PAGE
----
There’s going to be some inconsistencies through your archives, but bloggers run into trouble when one blog post that you write today is different in style and in how it looks to tomorrow’s blog post. That’s the kind of inconsistencies that many blogs have without even knowing it, and a style guide can really help a lot. Something that really can help your readers to feel like they’re reading a unified publication. If you open a magazine, the magazine is designed in way the reader feels even though there is different articles, that they belong next to each other. That’s the type of thing that you want to be doing in your blog post as well.
To state it most simply, a style guide is where you put into writing the guidelines for how you want your blog to be written and presented. And the reason you want to do it is to bring this consistency. This is the type of thing that you’ve probably already got without even knowing it. You’ve probably got a style guide in your mind. Most bloggers have one in their mind, and it’s just because most blogs start out being written by one person.
This is why many of us don’t actually feel like we need a style guide in the early days because we think that we’re consistent. We think that if I’m the only one writing this blog, then it’s going to be consistent from blog post to the next blog post.
But the reality is if you dig around in your archives, and I challenge you to do this, you’ll begin to spot inconsistencies. I think it’s really important to bed down the style that you want into writing, to actually bed it down because you’ll begin to see these inconsistencies in your own writing. Particularly if you want to add new writers into your blog, whether they’re just one-off guest posters of whether you want to bring on a regular writer, this is where a style guide really becomes even more useful as well.
The trouble I see with many blogs is you look through the archives and you can see these inconsistencies. The inconsistencies that you want to be looking for on your blog as you look through your archives are the voice of your writing. What style do you use? There’s a natural exploration of different voices that will happen on many blogs, but generally over time you want to become a bit more consistent with the voice that you use. Are you writing in the first person? Are you conversational when you’re writing? Are you writing for beginners, or are you writing for a more advanced audience? As I say, some variation in this is fine and is natural. But as your blog progresses, you’ll probably want to stick to one voice more and more.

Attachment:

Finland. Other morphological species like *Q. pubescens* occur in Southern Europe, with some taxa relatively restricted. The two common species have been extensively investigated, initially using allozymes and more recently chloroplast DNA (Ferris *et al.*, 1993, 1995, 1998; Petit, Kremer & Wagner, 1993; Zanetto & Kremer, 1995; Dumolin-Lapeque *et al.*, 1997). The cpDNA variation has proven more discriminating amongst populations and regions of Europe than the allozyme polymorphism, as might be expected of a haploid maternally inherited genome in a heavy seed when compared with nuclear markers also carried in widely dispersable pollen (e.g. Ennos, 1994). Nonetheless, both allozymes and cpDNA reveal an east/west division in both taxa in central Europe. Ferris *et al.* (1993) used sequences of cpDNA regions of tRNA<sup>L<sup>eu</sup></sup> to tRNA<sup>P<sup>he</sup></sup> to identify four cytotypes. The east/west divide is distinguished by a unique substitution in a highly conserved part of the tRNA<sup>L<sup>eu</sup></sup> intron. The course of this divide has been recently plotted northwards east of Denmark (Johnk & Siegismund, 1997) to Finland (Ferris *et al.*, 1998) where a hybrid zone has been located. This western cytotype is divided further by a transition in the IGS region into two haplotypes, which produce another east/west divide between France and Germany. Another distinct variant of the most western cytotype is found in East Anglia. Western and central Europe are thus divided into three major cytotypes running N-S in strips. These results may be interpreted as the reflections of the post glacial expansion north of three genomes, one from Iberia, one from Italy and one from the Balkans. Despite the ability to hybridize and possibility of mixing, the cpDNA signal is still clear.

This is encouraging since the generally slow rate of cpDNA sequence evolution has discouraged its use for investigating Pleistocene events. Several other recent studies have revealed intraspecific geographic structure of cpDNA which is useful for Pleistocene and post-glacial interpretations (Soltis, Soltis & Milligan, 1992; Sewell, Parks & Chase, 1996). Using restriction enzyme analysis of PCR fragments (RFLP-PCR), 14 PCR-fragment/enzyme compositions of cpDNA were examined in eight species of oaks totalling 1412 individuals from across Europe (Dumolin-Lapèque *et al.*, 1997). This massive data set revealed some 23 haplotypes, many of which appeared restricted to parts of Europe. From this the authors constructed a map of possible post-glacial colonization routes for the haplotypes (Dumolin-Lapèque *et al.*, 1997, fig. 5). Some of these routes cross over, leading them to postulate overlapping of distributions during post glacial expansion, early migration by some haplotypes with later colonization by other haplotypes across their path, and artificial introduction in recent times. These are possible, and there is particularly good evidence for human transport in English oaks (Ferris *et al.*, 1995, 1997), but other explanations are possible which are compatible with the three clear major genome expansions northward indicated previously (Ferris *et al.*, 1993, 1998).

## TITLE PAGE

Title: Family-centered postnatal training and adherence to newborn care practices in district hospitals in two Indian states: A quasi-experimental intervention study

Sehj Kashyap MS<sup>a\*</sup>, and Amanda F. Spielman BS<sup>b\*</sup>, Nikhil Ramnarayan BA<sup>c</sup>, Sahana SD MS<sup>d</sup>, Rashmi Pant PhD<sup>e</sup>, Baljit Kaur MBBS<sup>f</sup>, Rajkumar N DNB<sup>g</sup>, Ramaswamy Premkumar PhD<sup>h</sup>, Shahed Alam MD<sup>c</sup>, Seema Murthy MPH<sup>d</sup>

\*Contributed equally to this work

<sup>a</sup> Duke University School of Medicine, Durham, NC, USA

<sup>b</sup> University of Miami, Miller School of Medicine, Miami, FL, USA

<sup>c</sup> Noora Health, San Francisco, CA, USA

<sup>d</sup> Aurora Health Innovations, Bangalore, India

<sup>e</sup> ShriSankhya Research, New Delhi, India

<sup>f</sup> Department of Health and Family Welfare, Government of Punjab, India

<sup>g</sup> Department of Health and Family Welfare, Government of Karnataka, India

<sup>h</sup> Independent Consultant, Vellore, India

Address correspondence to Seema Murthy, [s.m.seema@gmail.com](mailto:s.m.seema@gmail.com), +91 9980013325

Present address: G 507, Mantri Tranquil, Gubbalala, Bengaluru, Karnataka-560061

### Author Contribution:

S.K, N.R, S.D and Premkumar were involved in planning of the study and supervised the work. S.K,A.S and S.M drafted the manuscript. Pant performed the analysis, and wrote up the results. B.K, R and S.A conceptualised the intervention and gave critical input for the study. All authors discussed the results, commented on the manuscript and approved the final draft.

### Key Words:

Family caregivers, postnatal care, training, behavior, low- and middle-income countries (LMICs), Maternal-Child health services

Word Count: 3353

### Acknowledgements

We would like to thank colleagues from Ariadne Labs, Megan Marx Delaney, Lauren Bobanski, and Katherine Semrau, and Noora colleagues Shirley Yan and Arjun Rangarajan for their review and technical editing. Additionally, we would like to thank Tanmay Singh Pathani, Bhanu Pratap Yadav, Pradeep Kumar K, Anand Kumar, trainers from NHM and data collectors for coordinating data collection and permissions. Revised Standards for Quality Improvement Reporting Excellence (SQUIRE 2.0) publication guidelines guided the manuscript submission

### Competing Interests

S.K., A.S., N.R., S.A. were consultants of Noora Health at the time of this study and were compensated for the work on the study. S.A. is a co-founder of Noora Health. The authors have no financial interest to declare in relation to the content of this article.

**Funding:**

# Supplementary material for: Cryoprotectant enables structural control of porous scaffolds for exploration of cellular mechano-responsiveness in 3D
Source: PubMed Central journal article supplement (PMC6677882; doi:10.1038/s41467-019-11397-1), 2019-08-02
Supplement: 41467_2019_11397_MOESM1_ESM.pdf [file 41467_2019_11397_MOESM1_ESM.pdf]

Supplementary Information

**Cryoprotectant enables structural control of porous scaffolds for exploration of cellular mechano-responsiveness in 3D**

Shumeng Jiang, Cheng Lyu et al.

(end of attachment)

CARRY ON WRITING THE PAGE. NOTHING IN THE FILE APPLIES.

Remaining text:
Other areas of inconsistency, capitalization of words in headlines, for example, and I see this all the time. You see one blog post that all the main words are capitalized and then you look at the next blogpost and it’s just the first letter of the headline is capitalized and the rest of it is in lowercase. That may not really irk you, but I bet there are some of you readers who are wondering what’s going on there and they notice that type of thing even if you don’t.
Grammatical rules. For example, when I write ProBlogger, I capitalize P and B, ProBlogger. Even though I present it as one word. As long as that’s consistent, that’s fine. That becomes part of your brand. You might have those type of things as well. On Digital Photography School, we call that blog dPS, the D is generally lowercase and the P and the S are capitals and that becomes part of the brand. But we want to be consistent in that way. It sort of sets us apart I guess in some ways from other people who have used dPS and those other sites out there who do.
Another word that we use a lot both on ProBLogger and on Digital Photography School is ‘ebook’. Ebook is presented in all kinds of different ways on the web. Some people do a little lowercase e and then uppercase B and then present as one word. Other people hyphenate and have it lowercase. Other people just do it lowercase the whole word. Having consistency in that way is important. I see some bloggers who use that word ebook and they will capitalize it differently even within the one article. Again, it doesn’t really annoy me that much, but I know there would be other people who would be having conniptions about that.
Use of images and graphics is another one. This is something I know I’m guilty of from time to time – having consistency in the way you use images. If you put typeface on your words, words on your images, do you have consistency in the fonts you use, the colors that you use, the way you use headlines, the way you use lists and blockquotes, and the way you spell words as well. Do you use a US spelling, American spelling, or do you use a British spelling? This really comes into play when you’ve got more than one author as well.
All of these things can present inconsistencies. Whilst you might look at them all individually and just say they’re small things, they add up. And generally over time they can really become a big thing.